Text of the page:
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Case Reports in Gastrointestinal Medicine
Volume 2013, Article ID 907136, 6 pages
Case Report

Desmoplastic Small Round Cell Tumor of Stomach

1College of Medicine, Alfaisal University, P.O. Box 50927, Riyadh 11533, Saudi Arabia
2Department of General Surgery, Faculty of Medicine, Alexandria University, Alexandria 21526, Egypt
3Department of Pathology and Laboratory Medicine, King Faisal Specialist Hospital and Research Center (KFSH&RC), P.O. Box 3354, Riyadh 11211, Saudi Arabia
4Department of Surgical Oncology, King Faisal Specialist Hospital and Research Center (KFSH&RC), P.O. Box 3354, Riyadh 11211, Saudi Arabia

Received 27 April 2013; Accepted 27 May 2013

Academic Editors: S. Kikuchi and H. Sugimura

Copyright © 2013 Ahmed Abu-Zaid et al. This is an open access article distributed under the Creative Commons Attribution License, which permits unrestricted use, distribution, and reproduction in any medium, provided the original work is properly cited.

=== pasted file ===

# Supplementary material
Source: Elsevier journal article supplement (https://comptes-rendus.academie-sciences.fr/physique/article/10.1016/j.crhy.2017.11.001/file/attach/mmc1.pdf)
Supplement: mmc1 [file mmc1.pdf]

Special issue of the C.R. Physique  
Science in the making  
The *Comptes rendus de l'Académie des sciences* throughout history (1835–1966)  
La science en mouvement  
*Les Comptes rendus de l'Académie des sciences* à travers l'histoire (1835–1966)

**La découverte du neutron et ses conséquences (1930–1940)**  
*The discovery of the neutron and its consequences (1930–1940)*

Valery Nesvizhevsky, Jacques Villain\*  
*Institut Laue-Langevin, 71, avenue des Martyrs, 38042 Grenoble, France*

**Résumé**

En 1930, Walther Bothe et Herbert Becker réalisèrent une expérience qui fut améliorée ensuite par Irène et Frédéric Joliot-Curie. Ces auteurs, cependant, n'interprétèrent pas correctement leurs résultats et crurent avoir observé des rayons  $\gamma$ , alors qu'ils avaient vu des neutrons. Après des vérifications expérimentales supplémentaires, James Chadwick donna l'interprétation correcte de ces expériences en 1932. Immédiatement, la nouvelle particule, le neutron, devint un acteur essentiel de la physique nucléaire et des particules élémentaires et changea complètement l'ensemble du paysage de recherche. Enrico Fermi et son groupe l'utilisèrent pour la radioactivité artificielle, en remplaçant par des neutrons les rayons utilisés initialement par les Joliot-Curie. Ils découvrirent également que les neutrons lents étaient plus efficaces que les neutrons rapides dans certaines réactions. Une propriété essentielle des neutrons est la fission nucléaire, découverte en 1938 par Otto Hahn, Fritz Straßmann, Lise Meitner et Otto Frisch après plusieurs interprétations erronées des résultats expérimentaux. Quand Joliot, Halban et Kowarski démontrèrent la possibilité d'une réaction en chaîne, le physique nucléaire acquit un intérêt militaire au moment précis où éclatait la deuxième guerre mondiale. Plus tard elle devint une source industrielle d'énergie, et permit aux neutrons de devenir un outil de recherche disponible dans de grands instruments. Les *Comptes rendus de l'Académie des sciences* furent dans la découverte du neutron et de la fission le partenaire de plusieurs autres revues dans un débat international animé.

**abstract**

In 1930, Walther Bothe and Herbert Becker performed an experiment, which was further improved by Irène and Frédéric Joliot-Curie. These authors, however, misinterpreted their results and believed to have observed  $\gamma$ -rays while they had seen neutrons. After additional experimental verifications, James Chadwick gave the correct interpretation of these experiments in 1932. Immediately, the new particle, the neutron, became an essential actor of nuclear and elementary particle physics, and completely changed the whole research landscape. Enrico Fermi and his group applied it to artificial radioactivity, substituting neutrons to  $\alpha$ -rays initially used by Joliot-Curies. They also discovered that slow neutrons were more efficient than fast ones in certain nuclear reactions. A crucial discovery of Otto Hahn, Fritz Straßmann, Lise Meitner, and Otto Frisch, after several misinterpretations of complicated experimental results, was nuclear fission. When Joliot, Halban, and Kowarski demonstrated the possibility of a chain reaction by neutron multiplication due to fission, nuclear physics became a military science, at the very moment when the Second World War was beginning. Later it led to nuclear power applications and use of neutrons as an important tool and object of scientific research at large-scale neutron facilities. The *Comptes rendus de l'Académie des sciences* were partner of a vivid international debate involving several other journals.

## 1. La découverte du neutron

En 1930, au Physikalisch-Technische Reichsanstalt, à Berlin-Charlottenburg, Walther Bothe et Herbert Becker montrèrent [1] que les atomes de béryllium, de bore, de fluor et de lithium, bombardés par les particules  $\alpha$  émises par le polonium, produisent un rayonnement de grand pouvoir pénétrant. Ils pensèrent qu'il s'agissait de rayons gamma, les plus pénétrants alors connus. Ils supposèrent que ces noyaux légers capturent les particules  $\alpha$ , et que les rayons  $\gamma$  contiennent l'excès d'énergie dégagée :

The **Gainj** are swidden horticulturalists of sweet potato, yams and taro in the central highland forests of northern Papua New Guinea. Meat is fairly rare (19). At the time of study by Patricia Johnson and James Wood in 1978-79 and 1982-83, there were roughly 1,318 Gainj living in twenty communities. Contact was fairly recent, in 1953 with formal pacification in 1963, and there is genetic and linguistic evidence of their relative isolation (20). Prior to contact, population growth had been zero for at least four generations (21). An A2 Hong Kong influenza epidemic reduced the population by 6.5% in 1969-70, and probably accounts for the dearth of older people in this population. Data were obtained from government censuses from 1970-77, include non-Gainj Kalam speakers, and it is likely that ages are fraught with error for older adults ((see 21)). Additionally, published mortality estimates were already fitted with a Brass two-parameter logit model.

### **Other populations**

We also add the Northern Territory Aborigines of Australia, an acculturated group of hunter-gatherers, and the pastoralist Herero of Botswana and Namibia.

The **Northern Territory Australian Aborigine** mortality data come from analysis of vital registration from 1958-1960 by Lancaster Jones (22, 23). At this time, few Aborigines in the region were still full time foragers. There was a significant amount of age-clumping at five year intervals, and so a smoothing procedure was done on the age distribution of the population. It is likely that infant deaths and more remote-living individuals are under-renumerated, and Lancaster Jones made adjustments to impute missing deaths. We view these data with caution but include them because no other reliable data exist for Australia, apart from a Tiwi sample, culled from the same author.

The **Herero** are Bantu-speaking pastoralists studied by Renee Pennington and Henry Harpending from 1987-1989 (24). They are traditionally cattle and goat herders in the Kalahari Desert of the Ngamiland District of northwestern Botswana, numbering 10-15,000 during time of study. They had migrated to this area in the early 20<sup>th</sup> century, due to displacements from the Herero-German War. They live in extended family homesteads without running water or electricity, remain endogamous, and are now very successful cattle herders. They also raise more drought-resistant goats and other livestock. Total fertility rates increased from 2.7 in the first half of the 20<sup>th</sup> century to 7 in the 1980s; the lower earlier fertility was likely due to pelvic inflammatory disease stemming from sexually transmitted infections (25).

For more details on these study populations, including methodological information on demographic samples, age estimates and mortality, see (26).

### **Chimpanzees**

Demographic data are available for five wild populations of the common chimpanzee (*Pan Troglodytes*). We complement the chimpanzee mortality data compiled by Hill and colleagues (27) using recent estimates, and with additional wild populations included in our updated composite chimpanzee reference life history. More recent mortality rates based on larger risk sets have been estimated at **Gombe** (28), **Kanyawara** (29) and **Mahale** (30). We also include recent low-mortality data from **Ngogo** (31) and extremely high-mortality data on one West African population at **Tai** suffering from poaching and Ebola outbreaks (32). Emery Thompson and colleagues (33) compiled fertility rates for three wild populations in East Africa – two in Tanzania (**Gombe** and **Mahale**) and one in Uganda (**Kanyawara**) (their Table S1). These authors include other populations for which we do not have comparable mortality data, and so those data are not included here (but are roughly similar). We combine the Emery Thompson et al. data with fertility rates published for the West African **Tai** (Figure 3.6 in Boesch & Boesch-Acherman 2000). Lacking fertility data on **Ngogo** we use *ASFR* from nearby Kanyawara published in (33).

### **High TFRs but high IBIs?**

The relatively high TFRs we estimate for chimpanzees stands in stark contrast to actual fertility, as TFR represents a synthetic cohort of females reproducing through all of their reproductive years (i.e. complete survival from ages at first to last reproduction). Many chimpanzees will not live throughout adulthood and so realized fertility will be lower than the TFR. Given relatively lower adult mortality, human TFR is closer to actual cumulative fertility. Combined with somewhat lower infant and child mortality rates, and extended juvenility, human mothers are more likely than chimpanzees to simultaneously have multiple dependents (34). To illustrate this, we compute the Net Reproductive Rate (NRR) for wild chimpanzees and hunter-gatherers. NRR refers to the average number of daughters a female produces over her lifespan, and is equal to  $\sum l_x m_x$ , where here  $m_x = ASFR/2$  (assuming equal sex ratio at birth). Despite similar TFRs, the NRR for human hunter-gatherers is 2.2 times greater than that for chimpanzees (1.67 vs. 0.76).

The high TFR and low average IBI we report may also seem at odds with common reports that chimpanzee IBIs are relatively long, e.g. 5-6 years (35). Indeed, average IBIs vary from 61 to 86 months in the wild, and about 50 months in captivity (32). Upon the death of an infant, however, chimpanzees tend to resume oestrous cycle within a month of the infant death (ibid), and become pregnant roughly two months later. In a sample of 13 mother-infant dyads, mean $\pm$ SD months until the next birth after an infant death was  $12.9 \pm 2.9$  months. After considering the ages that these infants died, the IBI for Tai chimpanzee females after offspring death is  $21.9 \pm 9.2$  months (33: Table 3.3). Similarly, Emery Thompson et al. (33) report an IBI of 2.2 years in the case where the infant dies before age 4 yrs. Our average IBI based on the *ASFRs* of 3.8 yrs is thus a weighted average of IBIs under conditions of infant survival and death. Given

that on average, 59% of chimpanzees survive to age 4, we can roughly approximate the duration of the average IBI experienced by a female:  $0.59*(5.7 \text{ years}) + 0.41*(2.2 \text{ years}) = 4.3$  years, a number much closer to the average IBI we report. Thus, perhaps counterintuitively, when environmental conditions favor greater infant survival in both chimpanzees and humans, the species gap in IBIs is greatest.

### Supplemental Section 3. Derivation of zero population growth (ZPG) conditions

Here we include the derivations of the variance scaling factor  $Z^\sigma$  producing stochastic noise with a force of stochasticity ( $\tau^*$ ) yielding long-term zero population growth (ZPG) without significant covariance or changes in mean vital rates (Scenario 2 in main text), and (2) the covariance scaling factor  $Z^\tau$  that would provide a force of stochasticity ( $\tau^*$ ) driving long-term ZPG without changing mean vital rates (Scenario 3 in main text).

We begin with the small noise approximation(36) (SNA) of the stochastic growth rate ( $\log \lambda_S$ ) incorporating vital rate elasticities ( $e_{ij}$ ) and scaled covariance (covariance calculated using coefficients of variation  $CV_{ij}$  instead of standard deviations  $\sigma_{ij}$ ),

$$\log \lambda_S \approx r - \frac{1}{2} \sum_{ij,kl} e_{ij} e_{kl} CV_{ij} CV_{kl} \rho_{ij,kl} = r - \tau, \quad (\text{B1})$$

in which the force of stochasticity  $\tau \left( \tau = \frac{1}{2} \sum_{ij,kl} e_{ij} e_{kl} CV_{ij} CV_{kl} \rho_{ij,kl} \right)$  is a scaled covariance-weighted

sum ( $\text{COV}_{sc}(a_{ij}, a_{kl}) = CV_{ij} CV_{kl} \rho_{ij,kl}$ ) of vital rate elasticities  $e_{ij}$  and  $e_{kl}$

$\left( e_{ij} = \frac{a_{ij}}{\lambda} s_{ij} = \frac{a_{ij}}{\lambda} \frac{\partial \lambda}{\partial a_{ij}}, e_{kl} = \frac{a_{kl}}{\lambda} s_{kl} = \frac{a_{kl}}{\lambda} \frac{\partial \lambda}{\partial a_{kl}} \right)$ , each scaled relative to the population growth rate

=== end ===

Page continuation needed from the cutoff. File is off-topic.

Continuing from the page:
Desmoplastic small round cell tumor (DSRCT) is an extremely uncommon, highly aggressive, and malignant mesenchymal neoplasm of undetermined histogenesis. Less than 200 case reports have been documented in literature so far. Herein, we report a 26-year-old otherwise healthy female patient who presented with a 1-month history of epigastric pain. On physical examination, a palpable, slightly mobile, and tender epigastric mass was detected. All laboratory tests were normal. A chest, abdominal, and pelvic contrast-enhanced computed tomography (CT) scans showed a 3.8 × 7.2 × 8.7 cm ill-defined mass, involving gastric fundus and extending into gastric cardia and lower gastroesophageal junction. It was associated with multiple enlarged gastrohepatic lymph nodes; the largest measured 1.2 cm. There was no evidence of ascites or retroperitoneal or mesenteric lymphatic metastases. Patient underwent total gastrectomy with D2 lymphadenectomy, splenectomy, and antecolic Roux-en-Y esophagojejunal anastomosis. Histopathological examination revealed coexpression of mesenchymal, epithelial, and neural markers. The characteristic chromosomal translocation (t(11; 22)(p13; q12)) was demonstrated on fluorescence in situ hybridization (FISH) technique. Diagnosis of DSRCT of stomach was confirmed. Patient received no postoperative radiotherapy or chemotherapy. A postoperative 3-month followup failed to show any recurrence. In addition, a literature review on DSRCT is included.